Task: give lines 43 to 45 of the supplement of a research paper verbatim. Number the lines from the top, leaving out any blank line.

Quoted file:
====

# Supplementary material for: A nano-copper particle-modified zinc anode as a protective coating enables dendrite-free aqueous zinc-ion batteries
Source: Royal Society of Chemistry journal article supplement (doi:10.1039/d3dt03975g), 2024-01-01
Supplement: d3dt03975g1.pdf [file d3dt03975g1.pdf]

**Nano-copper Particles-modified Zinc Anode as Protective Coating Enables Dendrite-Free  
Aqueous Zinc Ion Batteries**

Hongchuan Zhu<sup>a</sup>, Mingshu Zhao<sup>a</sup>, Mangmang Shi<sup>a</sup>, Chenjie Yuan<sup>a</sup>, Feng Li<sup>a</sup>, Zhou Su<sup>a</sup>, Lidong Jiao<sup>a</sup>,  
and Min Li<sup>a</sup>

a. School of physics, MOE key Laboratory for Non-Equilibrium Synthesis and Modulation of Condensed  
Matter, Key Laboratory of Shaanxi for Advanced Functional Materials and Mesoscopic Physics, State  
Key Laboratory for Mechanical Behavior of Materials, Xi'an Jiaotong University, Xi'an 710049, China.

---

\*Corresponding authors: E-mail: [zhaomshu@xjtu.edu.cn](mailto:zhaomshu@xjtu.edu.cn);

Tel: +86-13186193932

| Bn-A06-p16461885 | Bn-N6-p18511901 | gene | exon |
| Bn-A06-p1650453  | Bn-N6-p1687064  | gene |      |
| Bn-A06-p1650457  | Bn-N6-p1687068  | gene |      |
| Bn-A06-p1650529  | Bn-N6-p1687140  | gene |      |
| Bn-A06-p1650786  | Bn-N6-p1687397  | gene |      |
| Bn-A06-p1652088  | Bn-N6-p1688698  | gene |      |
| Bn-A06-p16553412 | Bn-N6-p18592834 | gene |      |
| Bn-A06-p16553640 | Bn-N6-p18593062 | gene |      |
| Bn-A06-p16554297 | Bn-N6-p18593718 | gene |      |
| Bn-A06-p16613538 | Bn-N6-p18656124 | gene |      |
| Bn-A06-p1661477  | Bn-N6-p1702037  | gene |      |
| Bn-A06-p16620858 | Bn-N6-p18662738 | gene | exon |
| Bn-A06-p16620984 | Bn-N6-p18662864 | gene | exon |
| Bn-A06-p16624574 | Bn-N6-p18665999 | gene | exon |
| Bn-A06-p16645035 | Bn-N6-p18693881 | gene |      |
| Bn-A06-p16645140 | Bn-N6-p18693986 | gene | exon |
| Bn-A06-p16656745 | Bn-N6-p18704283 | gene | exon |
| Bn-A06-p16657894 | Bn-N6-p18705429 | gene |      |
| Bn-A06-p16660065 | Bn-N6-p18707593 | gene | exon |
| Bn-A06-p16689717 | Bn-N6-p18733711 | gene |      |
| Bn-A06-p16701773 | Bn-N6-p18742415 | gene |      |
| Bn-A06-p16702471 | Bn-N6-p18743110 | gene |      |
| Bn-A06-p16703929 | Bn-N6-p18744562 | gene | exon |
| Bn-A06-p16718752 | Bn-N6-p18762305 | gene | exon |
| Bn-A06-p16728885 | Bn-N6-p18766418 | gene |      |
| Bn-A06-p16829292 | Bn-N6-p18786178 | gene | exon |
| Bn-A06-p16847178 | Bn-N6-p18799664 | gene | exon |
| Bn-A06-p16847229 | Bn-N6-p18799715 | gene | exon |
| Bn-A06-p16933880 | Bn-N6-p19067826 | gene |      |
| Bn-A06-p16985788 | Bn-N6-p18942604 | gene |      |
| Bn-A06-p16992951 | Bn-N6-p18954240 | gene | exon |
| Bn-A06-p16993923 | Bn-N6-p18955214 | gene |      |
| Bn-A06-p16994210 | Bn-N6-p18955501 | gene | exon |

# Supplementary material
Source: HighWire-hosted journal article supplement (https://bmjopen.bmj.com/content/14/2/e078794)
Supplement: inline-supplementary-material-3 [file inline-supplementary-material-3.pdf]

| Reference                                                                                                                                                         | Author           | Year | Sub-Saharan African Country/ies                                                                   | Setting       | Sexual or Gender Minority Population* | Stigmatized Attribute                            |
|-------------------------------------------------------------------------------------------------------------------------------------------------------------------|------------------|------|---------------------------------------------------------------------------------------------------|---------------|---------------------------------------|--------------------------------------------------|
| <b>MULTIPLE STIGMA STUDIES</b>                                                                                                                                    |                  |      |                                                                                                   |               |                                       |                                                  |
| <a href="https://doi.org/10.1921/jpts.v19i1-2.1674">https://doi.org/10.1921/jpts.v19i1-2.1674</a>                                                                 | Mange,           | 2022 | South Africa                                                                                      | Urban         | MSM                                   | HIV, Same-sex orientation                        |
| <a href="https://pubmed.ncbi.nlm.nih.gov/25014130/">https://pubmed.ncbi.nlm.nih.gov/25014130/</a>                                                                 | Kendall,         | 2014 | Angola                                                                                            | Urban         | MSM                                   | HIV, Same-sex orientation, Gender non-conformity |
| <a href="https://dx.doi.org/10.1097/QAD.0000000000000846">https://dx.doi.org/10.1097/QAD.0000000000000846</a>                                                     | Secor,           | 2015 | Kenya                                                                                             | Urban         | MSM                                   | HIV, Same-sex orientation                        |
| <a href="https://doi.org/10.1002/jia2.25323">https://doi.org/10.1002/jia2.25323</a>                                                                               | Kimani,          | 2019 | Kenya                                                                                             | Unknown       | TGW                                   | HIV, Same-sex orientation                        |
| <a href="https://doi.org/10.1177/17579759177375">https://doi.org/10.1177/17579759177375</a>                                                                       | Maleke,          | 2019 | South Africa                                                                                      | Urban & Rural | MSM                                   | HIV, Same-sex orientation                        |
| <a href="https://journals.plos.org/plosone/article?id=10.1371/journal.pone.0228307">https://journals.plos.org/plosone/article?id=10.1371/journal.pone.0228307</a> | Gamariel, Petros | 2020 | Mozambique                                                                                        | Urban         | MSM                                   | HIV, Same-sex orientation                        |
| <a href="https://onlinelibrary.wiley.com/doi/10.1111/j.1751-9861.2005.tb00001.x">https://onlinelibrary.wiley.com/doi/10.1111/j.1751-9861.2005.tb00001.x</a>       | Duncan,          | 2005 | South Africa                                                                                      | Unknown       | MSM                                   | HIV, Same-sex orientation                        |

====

| Bn-A06-p16985788 | Bn-N6-p18942604 | gene |      |
| Bn-A06-p16992951 | Bn-N6-p18954240 | gene | exon |
| Bn-A06-p16993923 | Bn-N6-p18955214 | gene |      |